Classical Roman Empire

Aleksandar Jovanović

Octavian Augustus about His Life

The Roman Republic entered a period of prolonged political crisis that lasted for about a hundred years (from 133 to 31 BCE) when, finally, after a century of civil wars and bloodshed, Octavian Augustus defeated Marc Antony, the last of his opponents, and became the undisputed ruler of the Roman state. While Octavian officially reinstated the Roman Republic, in practice, he accumulated the prerogatives of several different public offices of the state in his own hands, which allowed him to rule as a monarch over the empire. Thus, in modern scholarship as much as in the writings of authors flourishing from the 2nd century CE, Augustus is labelled as the first emperor of Rome. One of the reasons behind Augustus’ rise was the fact that Rome and its people were tired of constant internal conflict and wished to see peace back in the empire. The governing system of the Roman Republic, though suited for Rome back in the days when it was a mere city-state in Italy, was becoming unsuitable for running a Mediterranean Empire. Thus, Augustus started his reign under the official guise of the Roman Republic but set in motion a series of irreversible changes that were to mark the history of Rome for the next 1500 years.

We have been extremely lucky to know how Augustus wished to be remembered as his propagandistic autobiography has survived to this day. Upon his death, Augustus willed his autobiography to be inscribed on temples of the goddess Roma and of himself around the provinces of the Roman Empire. In Italy and the western provinces, the text was available in Latin and in the eastern provinces a Greek version was added to the inscriptions to make the piece more comprehensible to the local populaces. Thus, the first text in history of Rome that was made available throughout the empire with the same content was delivered in both Latin and Greek, a practice that Roman emperors continued in the eastern provinces, and then in the Eastern Roman Empire, all the way until the 7th century CE, when Greek took over as the sole official language of the state. Augustus, then, laid the foundations of the new governing system of Rome, which was to outlive him by over a millennium.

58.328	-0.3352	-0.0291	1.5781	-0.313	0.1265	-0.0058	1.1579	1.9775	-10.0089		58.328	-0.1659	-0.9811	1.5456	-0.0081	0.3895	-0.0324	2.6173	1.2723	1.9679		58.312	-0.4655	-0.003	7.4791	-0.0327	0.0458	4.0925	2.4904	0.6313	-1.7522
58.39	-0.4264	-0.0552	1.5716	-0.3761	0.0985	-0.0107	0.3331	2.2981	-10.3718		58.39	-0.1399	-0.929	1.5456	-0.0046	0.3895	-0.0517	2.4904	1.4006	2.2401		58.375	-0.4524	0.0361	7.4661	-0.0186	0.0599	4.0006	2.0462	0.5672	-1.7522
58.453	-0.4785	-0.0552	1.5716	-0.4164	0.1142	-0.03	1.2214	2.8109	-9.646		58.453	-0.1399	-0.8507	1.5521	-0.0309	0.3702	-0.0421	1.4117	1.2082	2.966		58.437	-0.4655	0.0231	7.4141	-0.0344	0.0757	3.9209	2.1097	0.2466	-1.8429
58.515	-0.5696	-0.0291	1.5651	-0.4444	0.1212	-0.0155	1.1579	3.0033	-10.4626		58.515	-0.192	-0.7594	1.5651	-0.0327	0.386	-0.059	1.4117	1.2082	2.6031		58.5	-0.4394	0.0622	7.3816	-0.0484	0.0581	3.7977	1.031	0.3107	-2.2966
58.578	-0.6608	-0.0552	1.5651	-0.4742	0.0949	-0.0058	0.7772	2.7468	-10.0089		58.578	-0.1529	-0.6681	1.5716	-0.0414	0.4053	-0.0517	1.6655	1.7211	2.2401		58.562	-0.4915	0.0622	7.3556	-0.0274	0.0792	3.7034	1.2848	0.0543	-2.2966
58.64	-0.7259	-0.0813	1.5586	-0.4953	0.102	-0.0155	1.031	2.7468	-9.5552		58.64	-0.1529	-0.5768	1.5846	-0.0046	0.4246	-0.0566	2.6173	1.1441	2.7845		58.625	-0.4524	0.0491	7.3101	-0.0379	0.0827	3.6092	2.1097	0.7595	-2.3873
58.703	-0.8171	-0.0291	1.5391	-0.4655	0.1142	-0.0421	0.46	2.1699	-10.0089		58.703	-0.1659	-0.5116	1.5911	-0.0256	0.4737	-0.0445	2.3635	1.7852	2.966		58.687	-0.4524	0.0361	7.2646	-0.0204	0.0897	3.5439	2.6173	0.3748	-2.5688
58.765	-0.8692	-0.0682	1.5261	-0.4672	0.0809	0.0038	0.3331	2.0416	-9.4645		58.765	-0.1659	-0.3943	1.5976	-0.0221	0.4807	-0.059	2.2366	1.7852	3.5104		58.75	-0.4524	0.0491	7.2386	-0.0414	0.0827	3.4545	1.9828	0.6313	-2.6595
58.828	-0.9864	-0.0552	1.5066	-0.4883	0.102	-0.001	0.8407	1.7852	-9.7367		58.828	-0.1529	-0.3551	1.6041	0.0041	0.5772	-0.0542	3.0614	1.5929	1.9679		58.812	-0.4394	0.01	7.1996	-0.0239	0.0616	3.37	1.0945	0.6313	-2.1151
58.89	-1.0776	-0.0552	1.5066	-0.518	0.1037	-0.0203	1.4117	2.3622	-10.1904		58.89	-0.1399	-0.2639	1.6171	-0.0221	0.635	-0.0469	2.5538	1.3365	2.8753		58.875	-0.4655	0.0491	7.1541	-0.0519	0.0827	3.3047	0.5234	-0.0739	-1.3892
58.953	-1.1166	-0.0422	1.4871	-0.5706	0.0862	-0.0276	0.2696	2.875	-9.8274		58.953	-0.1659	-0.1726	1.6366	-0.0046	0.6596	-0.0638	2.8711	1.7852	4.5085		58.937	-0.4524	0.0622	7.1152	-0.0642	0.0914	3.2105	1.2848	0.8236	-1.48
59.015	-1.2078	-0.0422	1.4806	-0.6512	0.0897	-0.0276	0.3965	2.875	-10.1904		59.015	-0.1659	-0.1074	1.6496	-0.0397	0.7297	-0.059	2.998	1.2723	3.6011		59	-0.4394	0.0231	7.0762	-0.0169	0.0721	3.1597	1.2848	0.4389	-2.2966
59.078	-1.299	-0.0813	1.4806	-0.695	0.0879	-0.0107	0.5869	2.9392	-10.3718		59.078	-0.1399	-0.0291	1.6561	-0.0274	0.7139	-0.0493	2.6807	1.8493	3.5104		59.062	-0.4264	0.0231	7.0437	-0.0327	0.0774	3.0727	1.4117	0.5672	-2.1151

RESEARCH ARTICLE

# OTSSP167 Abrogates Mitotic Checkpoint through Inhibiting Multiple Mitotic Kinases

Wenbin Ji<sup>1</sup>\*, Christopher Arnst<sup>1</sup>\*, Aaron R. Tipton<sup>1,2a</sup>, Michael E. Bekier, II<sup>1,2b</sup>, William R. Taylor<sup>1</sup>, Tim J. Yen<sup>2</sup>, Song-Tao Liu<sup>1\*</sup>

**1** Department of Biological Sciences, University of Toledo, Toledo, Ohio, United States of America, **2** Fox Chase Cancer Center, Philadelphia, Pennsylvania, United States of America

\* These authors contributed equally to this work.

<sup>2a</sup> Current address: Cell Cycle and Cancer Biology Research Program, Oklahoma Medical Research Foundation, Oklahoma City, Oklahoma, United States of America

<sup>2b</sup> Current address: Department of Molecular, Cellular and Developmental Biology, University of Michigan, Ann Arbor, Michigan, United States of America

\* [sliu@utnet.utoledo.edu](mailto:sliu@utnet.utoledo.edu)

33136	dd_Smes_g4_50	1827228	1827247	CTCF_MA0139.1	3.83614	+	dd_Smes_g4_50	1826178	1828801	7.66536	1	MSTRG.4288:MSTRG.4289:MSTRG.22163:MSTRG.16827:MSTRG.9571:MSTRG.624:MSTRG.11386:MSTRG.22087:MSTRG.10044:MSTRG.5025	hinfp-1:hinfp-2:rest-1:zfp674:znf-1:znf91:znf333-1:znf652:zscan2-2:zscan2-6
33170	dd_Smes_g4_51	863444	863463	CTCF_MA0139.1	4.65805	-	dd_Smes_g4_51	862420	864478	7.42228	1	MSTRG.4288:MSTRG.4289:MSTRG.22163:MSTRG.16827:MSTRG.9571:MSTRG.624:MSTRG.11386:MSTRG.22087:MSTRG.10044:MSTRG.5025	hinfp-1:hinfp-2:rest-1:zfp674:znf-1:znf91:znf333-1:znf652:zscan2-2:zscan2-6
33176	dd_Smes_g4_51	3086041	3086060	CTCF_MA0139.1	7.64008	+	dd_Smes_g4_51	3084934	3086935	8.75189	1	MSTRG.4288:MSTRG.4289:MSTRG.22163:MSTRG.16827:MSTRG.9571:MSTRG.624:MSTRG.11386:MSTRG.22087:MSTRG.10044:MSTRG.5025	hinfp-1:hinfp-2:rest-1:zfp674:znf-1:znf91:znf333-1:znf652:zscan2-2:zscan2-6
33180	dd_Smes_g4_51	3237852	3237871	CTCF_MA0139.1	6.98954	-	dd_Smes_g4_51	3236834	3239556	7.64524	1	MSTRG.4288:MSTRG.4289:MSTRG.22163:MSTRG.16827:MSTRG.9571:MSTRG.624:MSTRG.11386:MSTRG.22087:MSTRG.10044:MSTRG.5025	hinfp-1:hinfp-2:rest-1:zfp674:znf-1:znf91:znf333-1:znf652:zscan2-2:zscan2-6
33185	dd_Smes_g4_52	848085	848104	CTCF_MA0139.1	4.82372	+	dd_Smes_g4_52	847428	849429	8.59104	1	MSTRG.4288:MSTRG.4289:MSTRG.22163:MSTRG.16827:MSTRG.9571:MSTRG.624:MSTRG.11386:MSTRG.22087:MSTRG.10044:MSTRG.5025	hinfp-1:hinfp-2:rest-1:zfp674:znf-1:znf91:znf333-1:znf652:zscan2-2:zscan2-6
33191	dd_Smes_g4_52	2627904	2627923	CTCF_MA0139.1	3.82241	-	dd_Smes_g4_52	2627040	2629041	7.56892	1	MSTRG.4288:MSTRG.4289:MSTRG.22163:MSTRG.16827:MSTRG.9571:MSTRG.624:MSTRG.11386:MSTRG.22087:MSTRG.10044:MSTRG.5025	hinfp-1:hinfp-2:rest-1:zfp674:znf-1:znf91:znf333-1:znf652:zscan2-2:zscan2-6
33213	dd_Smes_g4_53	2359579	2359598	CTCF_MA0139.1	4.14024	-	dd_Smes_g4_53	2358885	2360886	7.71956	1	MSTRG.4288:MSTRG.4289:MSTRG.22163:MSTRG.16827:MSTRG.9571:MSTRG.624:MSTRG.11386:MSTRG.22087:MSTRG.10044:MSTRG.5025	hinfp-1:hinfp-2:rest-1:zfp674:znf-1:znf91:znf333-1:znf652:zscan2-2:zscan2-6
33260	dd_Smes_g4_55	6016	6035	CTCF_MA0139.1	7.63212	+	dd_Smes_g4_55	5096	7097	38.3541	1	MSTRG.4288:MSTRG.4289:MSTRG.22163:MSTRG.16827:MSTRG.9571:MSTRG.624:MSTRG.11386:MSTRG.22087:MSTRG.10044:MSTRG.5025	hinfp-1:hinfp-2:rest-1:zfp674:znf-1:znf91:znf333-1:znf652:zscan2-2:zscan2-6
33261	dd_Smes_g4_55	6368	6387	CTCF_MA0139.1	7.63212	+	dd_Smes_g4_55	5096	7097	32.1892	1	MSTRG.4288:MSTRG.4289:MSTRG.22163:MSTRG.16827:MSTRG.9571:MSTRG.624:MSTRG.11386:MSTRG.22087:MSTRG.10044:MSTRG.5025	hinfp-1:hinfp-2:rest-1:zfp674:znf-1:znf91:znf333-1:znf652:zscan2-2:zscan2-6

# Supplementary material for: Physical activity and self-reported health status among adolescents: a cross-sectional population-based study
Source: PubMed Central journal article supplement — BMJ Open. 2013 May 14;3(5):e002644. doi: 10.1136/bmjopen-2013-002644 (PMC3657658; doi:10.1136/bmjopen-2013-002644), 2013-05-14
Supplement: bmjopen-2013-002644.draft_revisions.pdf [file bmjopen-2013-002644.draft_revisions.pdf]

Res Gestae Divi Augusti

In my twentieth year [44 BCE], acting on my own initiative and at my own charges, I raised an army wherewith I brought again liberty to the Republic oppressed by the dominance of a faction. Therefore did the Senate admit me to its own order by honorary decrees, in the consulship of Gaius Pansa and Aulus Hirtius. At the same time they gave unto me rank among the consulars in the expressing of my opinion [in the Senate]; and they gave unto me the imperium. It also voted that I, as propreetor, together with the consuls, should “see to it that the state suffered no harm.” In the same year, too, when both consuls had fallen in battle, the people made me consul and triumvir for the re-establishing of the Republic.